Quantifying the food requirements and effects of food stress on bumble bee colony development
Journal of Apicultural Research
Taylor & Francis / International Bee Research Association
© 2017 International Bee Research Association
Reason for embargo
Agricultural intensification has led to a reduction in semi-natural areas and in the abundance of wild flowering plants, reducing the availability of floral resources upon which pollinating insects depend. This is widely accepted as one of the major drivers of pollinator declines, but few studies have directly addressed the effects of dietary restrictions on pollinator fitness. Here, we investigated the effects of restricting pollen and nectar supply on bumble bee (Bombus terrestris) colony growth, adult size and number. Colonies required up to 6 g pollen/1 g protein and 50 g sugar to establish a colony of 5 workers, and consumed in excess of 176 g pollen/31 g protein and 1,186 g sugar in their lifetime. Regardless of restrictions on pollen or nectar availability, colonies consumed a ratio of 1 g protein to ~43 g sugar, though free-flying colonies require proportionally more sugar to fuel foraging. Food-limited colonies from an early stage grew little with anything less than ad-lib nectar, while more-established colonies increased in weight even with low levels of nectar suggesting a shortage of resources in early spring may be most damaging to bumble bee colonies. Dietary restriction reduced the number of reproductives produced, but had variable effects on the size of workers and males. Nosema ceranae infection was included as a covariate in analyses and had a significant negative effect on colony growth. This study provides a base line for the developmental requirements of bumble bee colonies, and indicates the effects a resource deficit may have on their development and reproduction.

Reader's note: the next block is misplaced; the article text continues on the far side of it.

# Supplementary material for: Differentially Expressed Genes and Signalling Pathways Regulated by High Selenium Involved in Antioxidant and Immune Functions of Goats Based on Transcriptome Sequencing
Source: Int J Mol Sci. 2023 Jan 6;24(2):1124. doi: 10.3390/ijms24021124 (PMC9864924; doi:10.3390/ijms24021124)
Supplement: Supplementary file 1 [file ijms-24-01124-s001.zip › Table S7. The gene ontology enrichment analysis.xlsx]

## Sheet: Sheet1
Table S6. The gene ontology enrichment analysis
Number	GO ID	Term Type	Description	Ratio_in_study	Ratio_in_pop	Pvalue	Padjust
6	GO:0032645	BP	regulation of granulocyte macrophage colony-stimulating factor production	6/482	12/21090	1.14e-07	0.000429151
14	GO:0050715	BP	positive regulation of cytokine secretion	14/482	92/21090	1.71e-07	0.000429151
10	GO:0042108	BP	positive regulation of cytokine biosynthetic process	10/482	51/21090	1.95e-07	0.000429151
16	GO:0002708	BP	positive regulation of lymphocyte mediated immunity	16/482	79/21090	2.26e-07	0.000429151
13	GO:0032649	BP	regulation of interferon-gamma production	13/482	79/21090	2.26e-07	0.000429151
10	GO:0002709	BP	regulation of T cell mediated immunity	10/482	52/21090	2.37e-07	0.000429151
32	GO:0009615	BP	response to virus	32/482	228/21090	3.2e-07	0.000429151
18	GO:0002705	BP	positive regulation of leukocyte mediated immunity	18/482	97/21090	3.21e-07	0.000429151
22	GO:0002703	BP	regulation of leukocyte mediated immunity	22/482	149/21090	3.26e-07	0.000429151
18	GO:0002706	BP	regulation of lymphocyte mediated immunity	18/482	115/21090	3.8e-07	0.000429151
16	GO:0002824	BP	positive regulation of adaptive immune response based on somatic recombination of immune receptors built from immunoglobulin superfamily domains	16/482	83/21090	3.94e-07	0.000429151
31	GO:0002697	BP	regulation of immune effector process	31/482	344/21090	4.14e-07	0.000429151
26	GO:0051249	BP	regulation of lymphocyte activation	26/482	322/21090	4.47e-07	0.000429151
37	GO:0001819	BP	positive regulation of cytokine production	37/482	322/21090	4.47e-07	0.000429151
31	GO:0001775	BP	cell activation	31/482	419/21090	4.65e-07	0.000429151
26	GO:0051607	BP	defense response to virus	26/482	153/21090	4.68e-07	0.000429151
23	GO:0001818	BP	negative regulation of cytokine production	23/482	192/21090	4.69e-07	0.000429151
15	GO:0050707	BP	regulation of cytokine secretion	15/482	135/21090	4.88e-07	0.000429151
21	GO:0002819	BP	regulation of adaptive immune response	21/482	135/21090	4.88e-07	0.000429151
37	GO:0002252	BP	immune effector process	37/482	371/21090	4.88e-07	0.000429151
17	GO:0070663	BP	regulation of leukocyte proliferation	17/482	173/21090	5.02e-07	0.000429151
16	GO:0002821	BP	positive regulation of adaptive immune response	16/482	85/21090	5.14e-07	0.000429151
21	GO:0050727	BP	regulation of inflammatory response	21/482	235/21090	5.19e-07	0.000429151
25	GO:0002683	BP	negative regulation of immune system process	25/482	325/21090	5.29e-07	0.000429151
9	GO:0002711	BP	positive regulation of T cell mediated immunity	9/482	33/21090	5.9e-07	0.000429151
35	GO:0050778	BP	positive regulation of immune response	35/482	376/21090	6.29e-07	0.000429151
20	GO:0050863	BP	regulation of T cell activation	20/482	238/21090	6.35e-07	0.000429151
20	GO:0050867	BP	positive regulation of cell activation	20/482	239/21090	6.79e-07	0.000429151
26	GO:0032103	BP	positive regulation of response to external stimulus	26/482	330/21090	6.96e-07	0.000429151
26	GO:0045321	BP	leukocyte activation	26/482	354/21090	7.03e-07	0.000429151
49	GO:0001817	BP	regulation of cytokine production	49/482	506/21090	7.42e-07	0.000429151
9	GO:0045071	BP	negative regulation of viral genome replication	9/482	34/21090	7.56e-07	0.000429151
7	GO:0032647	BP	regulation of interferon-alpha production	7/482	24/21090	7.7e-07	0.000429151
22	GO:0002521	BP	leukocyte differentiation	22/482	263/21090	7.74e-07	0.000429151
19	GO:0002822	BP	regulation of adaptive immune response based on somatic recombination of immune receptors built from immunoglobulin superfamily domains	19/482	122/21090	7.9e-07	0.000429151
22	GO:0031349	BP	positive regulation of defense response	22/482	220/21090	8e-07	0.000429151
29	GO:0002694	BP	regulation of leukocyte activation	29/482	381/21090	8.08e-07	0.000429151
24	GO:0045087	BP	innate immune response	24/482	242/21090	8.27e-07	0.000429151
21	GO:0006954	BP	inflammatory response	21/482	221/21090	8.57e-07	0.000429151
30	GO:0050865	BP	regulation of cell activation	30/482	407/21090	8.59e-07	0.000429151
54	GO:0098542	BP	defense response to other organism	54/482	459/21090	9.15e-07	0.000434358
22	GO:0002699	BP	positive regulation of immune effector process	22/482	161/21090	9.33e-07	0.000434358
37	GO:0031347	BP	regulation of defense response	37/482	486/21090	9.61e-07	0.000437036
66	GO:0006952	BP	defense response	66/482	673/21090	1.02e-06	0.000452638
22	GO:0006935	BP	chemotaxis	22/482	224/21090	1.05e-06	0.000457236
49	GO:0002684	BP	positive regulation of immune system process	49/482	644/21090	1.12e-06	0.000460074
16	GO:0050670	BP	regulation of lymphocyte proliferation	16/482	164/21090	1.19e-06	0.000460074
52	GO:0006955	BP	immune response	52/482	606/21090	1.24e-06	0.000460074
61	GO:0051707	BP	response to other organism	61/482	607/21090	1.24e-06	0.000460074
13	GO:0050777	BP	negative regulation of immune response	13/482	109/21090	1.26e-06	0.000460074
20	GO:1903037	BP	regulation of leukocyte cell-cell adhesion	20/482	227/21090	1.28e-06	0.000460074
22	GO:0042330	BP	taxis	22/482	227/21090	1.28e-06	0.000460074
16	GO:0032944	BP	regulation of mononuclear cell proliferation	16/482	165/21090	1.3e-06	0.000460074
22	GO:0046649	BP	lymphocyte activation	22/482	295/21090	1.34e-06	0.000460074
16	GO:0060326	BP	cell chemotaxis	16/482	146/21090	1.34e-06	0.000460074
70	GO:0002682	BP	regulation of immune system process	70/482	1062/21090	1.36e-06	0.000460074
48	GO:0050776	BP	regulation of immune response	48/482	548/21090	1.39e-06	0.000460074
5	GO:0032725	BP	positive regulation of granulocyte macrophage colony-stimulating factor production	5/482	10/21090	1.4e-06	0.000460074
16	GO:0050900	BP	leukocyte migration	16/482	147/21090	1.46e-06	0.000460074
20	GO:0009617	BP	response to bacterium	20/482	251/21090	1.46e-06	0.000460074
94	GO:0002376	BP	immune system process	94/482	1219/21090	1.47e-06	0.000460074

This research was funded as part of a Biotechnology and Biological Sciences Research Council (GB) project [grant numbers BB/J014753/1, BB/J014915/1].
Vol. 56 (3), pp. 288 - 299